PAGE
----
I also feel that , for me, Facebook siphons away much needed free time.  This, of course, comes down to how you use it.  In a world of jobs, errands, and responsibilities, where free time to enjoy friends and hobbies is precious enough to begin with, even an hour a day on Facebook is arguably too much.  Again, this is just my personal opinion, but when I think of the hours I've whittled away on that site, I cringe.  There are too many books to read, movies to see, concerts to attend, brunches to enjoy, and trails to run.  I don't have nearly enough time to enjoy my many hobbies and interests, but by cutting out Facebook entirely, I'll have at least a little bit more time.

Some people feel that by cutting ties to Facebook, you're cutting yourself off from the world.  I say, quite the opposite: I'm throwing myself full force into my world.  I have a cell phone, two e-mail addresses, a blog, and an account on Good Reads, so I'm certainly reachable.  And in all honesty, when someone I care about gets a new car, lands a new job, or decides to get married, I would rather read a detailed e-mail or receive a personal phone call than read about it on Facebook.

I still have a good hour before I turn in for the night, and rather than check Facebook, I think I'll go read. 

Sunday, March 6, 2011

The Reader's Choice

I come from a family of readers.  I also work in a public library, belong to a book group, and majored in English literature.  Needless to say, I am surrounded by readers on a daily basis, and many of my friends are avid bookworms.  However, every once in a while, I am reminded that, to some, we readers are an odd bunch.

Yes, that's right, there are people who do not read.  And although that is their prerogative, some of them cannot understand the appeal that books have to us bibliophiles.  It is fair to say that there is a certain stigma attached to book lovers in some quarters, perhaps a perception of us as "nerds," "geeks," or "dorks."

Even I become aware of this stigma at times, particularly on a Friday night when many of my friends are about to hit the bars, and I am settling in with a salad (and don't let me fool you, a piece of cake or a cookie will follow) and a good book.  Don't get me wrong: I had my "going out" phase, but it was short-lived and I often felt somewhat out of place.  I mean, I had fun, but always felt I was in a dream, or putting on some sort of act, secretly wishing I could escape to a comfortable chair and a book.

What some non-readers forget is that, for book lovers, reading is a hobby, an activity, a pleasure-provider.  It's not passive, it's active.  It's something we do.  Just as some people have sports, camping, movies, or stamp collecting (people still collect stamps, right?); some people have scrapbooking, bar hopping, automobiles, or golf; we have reading.  Some of us have reading and lots of other hobbies too, but somehow, reading is not always perceived as a legitimate passtime.  In my circles, it certainly is, but trust me, there is a modicum of judgment out there.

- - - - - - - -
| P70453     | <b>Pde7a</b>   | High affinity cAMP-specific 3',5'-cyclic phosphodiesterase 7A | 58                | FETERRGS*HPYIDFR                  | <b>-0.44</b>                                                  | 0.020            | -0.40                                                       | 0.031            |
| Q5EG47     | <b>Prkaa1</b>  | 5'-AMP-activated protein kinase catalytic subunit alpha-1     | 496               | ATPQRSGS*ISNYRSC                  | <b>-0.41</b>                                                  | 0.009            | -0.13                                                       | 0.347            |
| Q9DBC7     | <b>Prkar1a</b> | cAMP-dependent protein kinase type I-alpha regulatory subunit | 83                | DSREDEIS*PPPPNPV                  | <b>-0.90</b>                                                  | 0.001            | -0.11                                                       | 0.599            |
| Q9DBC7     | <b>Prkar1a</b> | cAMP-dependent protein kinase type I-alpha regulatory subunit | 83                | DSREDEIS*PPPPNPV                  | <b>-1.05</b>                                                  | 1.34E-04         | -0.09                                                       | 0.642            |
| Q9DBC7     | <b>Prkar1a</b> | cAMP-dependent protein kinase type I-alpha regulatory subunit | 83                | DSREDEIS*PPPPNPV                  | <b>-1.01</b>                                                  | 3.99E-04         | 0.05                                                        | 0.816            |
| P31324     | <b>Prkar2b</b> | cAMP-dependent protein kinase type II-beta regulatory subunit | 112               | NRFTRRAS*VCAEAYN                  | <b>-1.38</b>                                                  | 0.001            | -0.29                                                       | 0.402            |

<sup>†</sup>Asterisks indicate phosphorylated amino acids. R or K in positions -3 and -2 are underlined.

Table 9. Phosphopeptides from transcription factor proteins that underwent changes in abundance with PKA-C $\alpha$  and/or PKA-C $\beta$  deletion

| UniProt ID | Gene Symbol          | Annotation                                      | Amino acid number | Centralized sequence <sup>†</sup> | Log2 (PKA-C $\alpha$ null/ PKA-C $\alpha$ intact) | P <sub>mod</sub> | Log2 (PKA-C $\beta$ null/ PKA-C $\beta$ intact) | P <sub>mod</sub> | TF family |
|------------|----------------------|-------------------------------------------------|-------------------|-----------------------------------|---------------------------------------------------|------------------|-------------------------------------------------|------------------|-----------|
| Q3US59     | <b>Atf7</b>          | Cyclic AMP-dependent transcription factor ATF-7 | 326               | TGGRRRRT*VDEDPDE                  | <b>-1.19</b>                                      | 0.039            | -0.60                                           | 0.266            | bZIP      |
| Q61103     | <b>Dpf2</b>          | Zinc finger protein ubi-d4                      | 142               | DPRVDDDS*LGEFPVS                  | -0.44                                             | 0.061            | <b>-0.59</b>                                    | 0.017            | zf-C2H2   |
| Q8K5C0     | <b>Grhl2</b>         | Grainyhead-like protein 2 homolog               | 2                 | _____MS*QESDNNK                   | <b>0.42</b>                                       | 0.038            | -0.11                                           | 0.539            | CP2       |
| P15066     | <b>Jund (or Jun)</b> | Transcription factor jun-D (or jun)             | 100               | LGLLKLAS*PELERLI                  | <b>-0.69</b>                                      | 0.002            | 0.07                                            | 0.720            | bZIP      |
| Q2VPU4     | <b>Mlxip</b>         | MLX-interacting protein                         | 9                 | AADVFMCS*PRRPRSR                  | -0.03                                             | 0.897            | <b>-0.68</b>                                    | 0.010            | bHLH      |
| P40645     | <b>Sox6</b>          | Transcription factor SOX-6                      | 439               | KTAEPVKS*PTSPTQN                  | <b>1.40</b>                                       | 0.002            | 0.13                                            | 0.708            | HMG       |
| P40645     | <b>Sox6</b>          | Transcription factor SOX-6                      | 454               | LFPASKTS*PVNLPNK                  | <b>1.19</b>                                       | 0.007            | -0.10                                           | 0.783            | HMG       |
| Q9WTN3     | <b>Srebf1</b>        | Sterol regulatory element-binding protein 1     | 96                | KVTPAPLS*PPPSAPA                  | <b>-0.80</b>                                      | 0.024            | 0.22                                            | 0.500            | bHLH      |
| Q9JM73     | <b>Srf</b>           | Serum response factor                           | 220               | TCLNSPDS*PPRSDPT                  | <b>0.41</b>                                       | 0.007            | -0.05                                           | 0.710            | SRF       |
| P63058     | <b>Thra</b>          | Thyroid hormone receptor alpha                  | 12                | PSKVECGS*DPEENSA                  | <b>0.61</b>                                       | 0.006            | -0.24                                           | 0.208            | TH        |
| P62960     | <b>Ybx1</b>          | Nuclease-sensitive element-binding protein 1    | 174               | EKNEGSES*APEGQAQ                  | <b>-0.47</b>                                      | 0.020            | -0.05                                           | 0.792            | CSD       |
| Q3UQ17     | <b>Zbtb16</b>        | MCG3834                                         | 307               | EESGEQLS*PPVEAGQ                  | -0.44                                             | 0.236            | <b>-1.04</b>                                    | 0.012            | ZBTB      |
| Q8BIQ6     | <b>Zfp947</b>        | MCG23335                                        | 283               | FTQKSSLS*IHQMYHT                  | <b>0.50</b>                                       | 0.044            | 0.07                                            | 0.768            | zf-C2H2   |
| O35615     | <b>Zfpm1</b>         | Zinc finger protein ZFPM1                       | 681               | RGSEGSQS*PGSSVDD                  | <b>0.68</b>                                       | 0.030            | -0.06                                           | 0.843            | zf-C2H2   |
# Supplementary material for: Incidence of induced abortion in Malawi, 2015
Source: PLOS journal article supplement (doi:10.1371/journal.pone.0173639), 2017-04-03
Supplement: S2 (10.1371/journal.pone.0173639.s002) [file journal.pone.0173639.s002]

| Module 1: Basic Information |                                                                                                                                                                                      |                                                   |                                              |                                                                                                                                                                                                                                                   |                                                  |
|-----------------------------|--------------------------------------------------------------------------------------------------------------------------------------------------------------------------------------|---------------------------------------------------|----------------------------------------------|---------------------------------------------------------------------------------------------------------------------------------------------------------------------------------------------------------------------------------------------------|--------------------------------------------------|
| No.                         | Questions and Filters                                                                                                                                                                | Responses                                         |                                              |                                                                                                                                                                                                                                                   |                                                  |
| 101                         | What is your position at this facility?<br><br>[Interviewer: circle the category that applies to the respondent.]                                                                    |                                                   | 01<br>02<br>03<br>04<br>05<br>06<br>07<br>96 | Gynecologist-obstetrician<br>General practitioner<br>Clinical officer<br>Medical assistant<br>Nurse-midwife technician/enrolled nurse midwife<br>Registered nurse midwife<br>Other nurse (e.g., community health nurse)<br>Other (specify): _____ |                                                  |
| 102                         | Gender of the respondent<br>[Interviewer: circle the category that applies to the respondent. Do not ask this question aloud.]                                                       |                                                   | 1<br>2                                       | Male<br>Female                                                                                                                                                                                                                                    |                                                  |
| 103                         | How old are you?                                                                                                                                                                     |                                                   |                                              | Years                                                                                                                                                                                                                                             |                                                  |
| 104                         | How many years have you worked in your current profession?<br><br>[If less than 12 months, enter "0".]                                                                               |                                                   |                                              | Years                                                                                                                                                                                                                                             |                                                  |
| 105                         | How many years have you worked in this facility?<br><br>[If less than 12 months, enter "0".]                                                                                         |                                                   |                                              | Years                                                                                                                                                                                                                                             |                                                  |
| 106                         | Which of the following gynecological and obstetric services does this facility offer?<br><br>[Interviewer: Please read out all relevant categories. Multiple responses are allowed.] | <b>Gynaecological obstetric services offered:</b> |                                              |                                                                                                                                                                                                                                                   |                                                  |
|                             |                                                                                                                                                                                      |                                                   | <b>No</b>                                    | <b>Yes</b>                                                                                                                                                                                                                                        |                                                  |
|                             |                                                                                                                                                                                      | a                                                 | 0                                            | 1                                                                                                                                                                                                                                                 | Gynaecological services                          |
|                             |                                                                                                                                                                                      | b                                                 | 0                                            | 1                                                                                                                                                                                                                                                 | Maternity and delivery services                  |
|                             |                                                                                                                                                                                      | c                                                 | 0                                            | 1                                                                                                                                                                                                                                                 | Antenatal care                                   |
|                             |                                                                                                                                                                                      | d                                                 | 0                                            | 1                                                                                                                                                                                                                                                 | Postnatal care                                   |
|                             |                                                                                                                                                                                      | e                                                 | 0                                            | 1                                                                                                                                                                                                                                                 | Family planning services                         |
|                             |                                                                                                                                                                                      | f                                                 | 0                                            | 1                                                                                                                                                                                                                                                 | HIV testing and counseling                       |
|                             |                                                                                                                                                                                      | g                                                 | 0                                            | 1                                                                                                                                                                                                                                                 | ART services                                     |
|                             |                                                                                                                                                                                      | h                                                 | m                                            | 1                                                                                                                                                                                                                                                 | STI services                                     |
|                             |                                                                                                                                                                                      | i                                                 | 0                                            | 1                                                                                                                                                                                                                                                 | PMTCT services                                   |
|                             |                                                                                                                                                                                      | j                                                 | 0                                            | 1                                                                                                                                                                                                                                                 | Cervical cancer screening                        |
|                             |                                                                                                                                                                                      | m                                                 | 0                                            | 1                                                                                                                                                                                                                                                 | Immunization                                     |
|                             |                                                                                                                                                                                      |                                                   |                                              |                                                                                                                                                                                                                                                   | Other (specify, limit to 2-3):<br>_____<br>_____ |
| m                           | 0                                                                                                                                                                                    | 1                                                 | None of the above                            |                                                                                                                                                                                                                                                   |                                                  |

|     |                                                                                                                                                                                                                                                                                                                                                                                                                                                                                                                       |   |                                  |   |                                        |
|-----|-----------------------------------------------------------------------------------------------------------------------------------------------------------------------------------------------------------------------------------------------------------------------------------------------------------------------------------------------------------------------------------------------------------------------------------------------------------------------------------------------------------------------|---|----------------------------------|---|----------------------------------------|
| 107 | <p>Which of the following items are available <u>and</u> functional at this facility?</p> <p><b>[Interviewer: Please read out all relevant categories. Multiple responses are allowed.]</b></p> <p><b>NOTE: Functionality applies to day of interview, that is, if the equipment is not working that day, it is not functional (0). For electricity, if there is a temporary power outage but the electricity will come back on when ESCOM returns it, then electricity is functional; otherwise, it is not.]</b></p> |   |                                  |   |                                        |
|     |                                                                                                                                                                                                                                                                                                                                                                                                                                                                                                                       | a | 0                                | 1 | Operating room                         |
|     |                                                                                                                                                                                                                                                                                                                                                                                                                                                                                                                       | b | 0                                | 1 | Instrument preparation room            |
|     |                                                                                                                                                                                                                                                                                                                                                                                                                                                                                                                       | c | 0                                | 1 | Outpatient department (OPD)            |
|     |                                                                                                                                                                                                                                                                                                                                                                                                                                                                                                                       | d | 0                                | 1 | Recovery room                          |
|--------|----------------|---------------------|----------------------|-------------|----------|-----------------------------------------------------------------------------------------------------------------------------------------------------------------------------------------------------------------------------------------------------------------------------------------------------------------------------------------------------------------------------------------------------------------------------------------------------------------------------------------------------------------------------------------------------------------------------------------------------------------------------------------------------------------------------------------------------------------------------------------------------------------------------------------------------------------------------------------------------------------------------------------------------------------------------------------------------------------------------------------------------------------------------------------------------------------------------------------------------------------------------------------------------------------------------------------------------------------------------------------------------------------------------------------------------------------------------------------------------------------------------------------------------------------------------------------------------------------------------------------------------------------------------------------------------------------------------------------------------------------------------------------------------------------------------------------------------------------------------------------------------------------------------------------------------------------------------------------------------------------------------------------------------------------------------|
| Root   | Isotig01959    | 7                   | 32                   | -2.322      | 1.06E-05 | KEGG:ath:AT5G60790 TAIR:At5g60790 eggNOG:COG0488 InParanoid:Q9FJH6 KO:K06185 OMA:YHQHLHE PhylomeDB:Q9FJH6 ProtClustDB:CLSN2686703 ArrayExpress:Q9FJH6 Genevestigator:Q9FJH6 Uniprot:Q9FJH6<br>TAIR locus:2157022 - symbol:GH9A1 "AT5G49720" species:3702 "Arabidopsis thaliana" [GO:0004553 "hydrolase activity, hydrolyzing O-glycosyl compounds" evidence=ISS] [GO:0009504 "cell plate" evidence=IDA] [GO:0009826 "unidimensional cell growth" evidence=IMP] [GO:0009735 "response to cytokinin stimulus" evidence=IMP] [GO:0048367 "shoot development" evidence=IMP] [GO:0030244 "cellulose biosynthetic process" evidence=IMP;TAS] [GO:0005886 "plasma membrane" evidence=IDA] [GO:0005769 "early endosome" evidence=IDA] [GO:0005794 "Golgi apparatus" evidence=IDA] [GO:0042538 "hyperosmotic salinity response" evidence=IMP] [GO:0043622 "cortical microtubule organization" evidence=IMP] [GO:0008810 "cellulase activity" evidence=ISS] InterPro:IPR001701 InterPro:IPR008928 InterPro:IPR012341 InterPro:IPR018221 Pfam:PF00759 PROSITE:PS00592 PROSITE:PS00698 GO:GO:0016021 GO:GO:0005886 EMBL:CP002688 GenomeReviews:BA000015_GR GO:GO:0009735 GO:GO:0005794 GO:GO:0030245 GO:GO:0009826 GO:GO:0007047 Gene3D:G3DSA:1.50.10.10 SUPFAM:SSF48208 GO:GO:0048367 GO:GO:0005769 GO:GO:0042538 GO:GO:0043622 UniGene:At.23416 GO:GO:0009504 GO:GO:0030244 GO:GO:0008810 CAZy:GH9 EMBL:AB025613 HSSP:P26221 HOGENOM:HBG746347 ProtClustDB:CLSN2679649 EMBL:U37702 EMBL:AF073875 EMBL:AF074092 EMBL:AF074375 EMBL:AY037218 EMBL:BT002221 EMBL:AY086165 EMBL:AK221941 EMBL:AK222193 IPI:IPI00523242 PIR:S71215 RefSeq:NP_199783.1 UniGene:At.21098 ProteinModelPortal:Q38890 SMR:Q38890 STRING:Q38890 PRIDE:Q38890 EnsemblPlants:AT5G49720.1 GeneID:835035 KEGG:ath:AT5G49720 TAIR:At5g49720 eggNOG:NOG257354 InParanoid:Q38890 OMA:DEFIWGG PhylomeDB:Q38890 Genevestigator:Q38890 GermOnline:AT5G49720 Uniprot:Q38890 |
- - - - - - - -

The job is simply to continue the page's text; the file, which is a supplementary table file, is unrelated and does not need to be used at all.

I consider myself an avid reader, but there are those who outread me.  Some of the patrons who come in to the library would put me to shame!  They come in with a giant tote bag of books to return, and they don't leave until the bag is full again.  And these are people who come in on a weekly basis!  Yes, I know what you're thinking: do they read all of them?  Yes, they do!  They are serious about their books, and I love them all the more for that fact.

You can tell serious readers by the way they panic at the thought of not having a book, although if their homes are anything like mine, they probably have an arsenal of unread titles at their disposal.  Still, though, they panic.  If there's a storm on the horizon, we will be especially busy at work, as people stock up on books as though they were milk and bread.  Also amusing are the people who are getting ready to go on vacation, and they want to make sure they are not without a book during their trip.  These are my kinds of people.

The perception of readers as lonely individuals with no lives outside of their books is inaccurate.  Sure, there are people like that, and I believe it's wonderful that they have books to turn to.  But readers come in all stripes and varieties, and most have active, fulfilling lives.  What non-readers don't always understand is that we enthusiastically choose to build books and reading into our lives.  It's not that we don't have other stuff to do, it's that we choose to make reading a priority.

And you'll catch us reading just about anywhere: on busses, trains, and planes; in living rooms and on porches; curled up in bed, or sprawled out on the beach; on lunch breaks at work, or the five minutes before a meeting.  Give us an opportunity, and out will come our book (or Nook, or Kindle).

Why we read, well, that's a topic for another day.  But rest assured, we are a large group, and we are passionate.  Reading is of the utmost pleasure, and it's something book lovers proudly claim as a hobby and a central part of our lives.   So the next time you roll your eyes at the friend who chooses to curl up with a book on a Friday night, remember there's a good chance that she/he's having just as much fun as you will be when you drag your drunk self home from the bar.